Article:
Reliability, Validity, and Investigation of the Index of Learning Styles in a Chinese Language Version for Late Adolescents of Taiwanese

Article excerpt


Discovering learning styles to facilitate teaching and learning is always a critical issue in the field of education. Keefe (1979) defined learning styles as "characteristic cognitive, affective, and psychological behaviors that serve as relatively stable indicators of how learners perceive, interact with, and respond to the learning environment" (p. 4). Numerous studies have focused on this issue in various ways, and researchers have developed many instruments to classify learning styles. The Felder-Solomon Index of Learning Styles (ILS) is one of them. Since its publication in 1991, numerous researchers have investigated subjects related to it. Although the ILS was designed for engineering students, it has in fact been used to assess learning styles in many different disciplines and is gaining in popularity. According to Litzinger, Lee, Wise, and Felder (2005), since the online version of the ILS appeared, its site has received more than 100,000 visits per year, and many published studies have used the data.

Due to the obstacle of language, even though some Taiwanese scholars have translated the ILS into Chinese for their own classes or studies, it has never been officially introduced to Taiwanese students. For the current study permission was acquired from North Carolina State University to translate the ILS into Chinese and to use the data analysis to help Taiwanese college students learn and teachers teach. Because the ILS has never been tested by Taiwanese students on a large enough scale, and because of language and cultural barriers, the translated test items might not present the complete meaning of the original ILS to the testers. According to Felder (2002), the ILS "has been translated into half a dozen languages that I know about and probably more that I don't, even though it has not yet been validated" (p. 1). Therefore, the primary goals of the current study were to investigate the reliability and validity of the Chinese version of the ILS. In addition, various statistical analyses identified the problematic items for further modification.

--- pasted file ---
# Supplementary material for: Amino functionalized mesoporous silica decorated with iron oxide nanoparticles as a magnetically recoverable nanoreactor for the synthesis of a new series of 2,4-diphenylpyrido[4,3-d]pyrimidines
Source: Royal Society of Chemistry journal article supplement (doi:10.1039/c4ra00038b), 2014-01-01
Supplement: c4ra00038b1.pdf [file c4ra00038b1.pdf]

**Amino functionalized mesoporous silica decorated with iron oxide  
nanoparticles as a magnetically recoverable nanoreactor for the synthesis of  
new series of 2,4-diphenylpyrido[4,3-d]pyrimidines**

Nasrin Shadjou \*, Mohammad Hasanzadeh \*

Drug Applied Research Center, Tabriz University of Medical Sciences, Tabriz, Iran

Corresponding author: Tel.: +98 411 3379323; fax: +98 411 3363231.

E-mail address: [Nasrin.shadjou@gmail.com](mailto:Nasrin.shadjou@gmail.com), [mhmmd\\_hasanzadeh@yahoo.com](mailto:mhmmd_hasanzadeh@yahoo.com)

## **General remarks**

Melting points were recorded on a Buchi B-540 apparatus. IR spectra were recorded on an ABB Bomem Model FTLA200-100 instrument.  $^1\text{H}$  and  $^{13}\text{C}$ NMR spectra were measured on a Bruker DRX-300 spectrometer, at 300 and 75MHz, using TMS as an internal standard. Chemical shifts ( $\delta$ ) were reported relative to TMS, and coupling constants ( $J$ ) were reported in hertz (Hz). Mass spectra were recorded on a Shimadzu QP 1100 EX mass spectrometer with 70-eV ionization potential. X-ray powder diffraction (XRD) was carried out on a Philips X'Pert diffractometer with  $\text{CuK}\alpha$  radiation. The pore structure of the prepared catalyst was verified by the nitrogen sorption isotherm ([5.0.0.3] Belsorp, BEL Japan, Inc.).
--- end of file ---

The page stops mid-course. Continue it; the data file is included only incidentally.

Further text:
Felder and Soloman developed the ILS to evaluate the learning style model formulated by Felder and Silverman in 1988 (Felder & Soloman, 2004). The Felder-Silverman learning style model defined four dimensions, each having two categories: perception (sensing/intuitive), input (visual/verbal), processing (active/reflective), and understanding (sequential/global). Learners should fit into one or the other category on each of the four dimensions. Thus, the Felder-Soloman ILS questionnaire consists of four parallel scales, with 11 items each, that are used to evaluate the four dimensions of the Felder-Silverman learning styles. Felder and Spurlin (2005) described the categories of the four dimensions as follows:

* sensing (concrete, practical, oriented toward facts and procedures) or intuitive (conceptual, innovative, oriented toward theories and underlying meanings)

* visual (prefer visual representations of presented material, such as pictures, diagrams, and flow charts) or verbal (prefer written and spoken explanations)

* active (learn by trying things out, enjoy working in groups) or reflective (learn by thinking things through, prefer working alone or with one or two familiar partners)

* sequential (linear thinking process, learn in incremental steps) or global (holistic thinking process, learn in large leaps)

Theoretically, all the dimensions are parallel, and a student's learning styles should be well distributed among the four dimensions. Each individual should have his or her own learning styles, and the ILS should be able to provide that personal information to students and instructors. Even though providing an individual student-centered approach is becoming a very popular practice in education, Felder and Brent (2005) pointed out, "If it is pointless to consider tailoring instruction to each individual student, it is equally misguided to imagine that a single one-size-fits-all approach to teaching can meet the needs of every student" (p. …